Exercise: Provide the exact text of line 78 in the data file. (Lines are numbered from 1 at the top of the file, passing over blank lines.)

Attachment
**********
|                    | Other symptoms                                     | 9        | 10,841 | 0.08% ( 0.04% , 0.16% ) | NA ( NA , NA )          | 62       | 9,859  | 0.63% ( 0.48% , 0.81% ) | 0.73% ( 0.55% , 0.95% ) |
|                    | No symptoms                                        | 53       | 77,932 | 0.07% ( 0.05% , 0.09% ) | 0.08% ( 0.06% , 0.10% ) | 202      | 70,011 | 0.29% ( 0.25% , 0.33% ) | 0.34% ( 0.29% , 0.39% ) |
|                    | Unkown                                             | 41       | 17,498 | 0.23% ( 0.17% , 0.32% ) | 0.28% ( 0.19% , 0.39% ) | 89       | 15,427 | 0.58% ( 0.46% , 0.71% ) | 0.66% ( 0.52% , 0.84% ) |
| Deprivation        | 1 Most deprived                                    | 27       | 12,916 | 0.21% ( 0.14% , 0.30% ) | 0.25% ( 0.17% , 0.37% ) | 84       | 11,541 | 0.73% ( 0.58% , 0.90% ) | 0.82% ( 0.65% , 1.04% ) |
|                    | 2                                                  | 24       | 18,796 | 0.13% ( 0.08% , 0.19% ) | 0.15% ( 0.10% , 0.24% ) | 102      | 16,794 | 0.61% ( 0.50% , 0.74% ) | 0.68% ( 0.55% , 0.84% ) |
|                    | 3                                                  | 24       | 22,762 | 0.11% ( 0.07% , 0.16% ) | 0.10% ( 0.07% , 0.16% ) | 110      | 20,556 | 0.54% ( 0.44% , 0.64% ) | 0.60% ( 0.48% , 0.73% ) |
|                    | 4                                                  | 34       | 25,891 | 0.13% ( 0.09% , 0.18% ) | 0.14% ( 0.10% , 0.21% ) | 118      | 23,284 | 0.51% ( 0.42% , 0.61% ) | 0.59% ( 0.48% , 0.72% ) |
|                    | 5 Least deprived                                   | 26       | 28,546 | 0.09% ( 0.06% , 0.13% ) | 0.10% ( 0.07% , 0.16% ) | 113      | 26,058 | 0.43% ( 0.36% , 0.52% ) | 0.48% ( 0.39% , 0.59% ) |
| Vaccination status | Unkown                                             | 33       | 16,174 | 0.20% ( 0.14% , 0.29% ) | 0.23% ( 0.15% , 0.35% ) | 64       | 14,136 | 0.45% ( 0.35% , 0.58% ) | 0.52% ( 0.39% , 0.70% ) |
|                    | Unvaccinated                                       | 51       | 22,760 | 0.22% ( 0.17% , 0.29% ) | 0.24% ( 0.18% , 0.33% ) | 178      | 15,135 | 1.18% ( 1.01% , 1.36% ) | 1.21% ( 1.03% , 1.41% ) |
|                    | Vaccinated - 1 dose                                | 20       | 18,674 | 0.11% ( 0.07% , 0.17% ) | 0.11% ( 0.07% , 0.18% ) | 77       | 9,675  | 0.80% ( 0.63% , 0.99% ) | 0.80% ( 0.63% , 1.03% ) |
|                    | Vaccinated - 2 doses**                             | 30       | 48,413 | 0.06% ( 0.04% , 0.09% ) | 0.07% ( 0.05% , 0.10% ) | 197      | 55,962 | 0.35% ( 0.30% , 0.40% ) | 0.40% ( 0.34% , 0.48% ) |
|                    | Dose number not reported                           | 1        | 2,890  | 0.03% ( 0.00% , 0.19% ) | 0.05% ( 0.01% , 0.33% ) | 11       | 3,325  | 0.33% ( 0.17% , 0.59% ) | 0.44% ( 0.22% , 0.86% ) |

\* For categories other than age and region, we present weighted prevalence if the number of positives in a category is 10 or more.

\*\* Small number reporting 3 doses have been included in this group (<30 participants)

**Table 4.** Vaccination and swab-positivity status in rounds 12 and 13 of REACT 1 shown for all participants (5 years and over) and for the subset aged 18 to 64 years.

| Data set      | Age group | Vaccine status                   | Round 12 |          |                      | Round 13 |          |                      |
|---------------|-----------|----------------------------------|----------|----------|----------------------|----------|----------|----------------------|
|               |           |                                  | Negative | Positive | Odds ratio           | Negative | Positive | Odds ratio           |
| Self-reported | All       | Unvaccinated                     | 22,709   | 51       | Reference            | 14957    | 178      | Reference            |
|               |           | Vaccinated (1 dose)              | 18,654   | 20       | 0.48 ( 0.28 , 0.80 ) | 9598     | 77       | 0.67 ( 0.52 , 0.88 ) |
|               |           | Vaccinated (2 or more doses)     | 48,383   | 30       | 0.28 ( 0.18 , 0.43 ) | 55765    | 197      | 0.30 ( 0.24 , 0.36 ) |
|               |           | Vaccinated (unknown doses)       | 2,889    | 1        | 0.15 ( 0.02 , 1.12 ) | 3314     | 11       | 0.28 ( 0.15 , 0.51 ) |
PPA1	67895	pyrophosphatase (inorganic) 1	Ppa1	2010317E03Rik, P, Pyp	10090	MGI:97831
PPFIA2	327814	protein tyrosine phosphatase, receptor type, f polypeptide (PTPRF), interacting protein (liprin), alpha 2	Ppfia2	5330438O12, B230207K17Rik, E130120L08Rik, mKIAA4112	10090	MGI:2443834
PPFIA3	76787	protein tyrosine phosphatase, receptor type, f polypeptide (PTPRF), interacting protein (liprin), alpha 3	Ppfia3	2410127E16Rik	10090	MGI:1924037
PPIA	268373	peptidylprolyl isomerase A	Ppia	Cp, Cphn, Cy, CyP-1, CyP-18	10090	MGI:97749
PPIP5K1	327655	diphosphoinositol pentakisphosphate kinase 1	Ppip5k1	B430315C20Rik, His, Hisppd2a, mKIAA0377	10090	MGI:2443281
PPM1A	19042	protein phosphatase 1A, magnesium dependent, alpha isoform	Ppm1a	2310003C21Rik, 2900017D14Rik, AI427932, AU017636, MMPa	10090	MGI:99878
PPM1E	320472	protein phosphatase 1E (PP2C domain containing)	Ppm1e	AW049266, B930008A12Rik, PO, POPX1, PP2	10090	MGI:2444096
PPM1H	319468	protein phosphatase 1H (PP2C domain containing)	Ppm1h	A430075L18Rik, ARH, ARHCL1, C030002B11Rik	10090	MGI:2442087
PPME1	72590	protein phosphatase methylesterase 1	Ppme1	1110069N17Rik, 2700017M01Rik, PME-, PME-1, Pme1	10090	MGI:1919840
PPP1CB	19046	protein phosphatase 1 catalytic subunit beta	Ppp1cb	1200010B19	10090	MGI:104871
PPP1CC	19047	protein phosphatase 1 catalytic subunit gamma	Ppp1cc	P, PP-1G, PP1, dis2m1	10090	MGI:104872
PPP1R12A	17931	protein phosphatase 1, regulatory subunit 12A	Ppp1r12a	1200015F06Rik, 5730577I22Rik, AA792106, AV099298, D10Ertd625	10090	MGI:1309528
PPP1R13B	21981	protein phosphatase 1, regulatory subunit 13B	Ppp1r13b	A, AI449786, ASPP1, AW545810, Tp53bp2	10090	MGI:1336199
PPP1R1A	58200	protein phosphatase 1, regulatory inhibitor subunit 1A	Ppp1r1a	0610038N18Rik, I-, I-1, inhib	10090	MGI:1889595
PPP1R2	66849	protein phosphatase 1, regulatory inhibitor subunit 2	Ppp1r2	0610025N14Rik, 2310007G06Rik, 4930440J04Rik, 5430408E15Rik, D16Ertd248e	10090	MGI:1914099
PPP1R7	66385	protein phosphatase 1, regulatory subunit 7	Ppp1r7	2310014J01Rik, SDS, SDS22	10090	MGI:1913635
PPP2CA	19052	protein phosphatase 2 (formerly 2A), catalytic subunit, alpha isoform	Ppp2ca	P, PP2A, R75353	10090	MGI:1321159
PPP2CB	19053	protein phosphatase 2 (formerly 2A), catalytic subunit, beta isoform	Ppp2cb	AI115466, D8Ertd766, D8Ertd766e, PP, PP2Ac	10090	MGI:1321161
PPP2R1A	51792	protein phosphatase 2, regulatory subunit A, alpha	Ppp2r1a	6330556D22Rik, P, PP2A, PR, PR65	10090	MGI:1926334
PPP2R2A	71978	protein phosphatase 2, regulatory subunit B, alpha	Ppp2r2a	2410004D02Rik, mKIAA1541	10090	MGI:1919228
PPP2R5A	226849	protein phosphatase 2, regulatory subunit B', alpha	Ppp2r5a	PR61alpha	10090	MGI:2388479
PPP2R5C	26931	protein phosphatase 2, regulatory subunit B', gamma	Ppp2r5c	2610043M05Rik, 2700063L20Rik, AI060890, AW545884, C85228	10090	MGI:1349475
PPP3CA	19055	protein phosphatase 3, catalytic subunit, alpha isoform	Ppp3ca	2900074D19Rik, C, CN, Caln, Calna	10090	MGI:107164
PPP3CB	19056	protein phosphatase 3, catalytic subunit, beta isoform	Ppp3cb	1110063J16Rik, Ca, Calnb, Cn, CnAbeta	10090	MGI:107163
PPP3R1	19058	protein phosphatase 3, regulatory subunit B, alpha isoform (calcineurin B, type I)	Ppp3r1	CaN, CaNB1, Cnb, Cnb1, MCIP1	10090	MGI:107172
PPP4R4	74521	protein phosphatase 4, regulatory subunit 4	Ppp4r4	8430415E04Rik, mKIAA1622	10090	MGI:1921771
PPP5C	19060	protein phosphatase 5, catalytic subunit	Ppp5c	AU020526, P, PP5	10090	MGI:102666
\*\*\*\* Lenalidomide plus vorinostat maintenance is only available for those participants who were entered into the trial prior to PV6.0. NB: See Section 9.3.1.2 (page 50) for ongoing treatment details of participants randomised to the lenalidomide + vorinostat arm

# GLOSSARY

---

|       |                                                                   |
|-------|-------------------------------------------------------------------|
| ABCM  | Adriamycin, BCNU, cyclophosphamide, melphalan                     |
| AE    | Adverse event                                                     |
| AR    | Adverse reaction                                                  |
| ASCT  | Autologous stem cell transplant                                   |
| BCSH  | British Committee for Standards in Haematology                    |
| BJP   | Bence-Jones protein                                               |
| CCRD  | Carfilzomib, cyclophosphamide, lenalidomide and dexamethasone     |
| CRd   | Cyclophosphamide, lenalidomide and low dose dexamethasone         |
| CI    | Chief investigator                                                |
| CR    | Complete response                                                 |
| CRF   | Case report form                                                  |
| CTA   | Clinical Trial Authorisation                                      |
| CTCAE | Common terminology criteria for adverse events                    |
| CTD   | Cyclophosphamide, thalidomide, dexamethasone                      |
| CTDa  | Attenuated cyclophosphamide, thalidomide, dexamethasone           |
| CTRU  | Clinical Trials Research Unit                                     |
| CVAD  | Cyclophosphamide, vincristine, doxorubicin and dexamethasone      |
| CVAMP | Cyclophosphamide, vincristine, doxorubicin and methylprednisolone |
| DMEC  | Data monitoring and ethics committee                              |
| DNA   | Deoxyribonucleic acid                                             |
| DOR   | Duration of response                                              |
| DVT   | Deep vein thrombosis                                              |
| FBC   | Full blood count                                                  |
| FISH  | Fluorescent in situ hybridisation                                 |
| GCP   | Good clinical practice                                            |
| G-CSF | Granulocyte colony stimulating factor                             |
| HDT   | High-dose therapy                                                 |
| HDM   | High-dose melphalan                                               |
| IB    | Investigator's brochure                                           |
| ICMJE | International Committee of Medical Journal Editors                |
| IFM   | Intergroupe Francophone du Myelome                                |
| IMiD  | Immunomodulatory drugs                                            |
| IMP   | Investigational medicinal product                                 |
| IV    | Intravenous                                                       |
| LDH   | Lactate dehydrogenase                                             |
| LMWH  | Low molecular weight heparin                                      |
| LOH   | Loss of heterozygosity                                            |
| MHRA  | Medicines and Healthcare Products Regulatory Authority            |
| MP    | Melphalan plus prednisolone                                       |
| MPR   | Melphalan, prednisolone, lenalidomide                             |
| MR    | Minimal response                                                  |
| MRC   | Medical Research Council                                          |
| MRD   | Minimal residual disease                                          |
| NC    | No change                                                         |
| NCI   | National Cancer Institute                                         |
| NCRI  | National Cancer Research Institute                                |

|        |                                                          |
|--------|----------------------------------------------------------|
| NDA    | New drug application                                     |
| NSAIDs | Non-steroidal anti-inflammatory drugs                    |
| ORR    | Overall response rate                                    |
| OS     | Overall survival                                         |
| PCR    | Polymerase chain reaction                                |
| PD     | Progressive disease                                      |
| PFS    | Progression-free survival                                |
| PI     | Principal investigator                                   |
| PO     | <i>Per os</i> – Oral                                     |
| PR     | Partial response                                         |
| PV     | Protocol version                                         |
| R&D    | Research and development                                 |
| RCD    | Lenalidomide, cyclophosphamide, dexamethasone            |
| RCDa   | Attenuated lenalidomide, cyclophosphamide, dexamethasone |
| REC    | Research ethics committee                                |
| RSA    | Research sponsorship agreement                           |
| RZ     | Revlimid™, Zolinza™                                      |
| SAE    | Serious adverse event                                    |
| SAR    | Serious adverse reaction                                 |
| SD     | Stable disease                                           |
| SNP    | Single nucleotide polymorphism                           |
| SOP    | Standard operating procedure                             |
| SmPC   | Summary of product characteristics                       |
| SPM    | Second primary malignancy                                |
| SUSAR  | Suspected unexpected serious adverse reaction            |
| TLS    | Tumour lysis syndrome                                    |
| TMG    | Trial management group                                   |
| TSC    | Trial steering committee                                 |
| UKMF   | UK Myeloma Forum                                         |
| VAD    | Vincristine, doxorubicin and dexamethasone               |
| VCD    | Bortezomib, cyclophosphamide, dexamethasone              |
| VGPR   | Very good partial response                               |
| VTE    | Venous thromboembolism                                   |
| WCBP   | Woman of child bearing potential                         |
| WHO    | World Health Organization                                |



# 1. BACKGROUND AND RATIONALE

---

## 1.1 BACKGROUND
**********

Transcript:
| FBC   | Full blood count                                                  |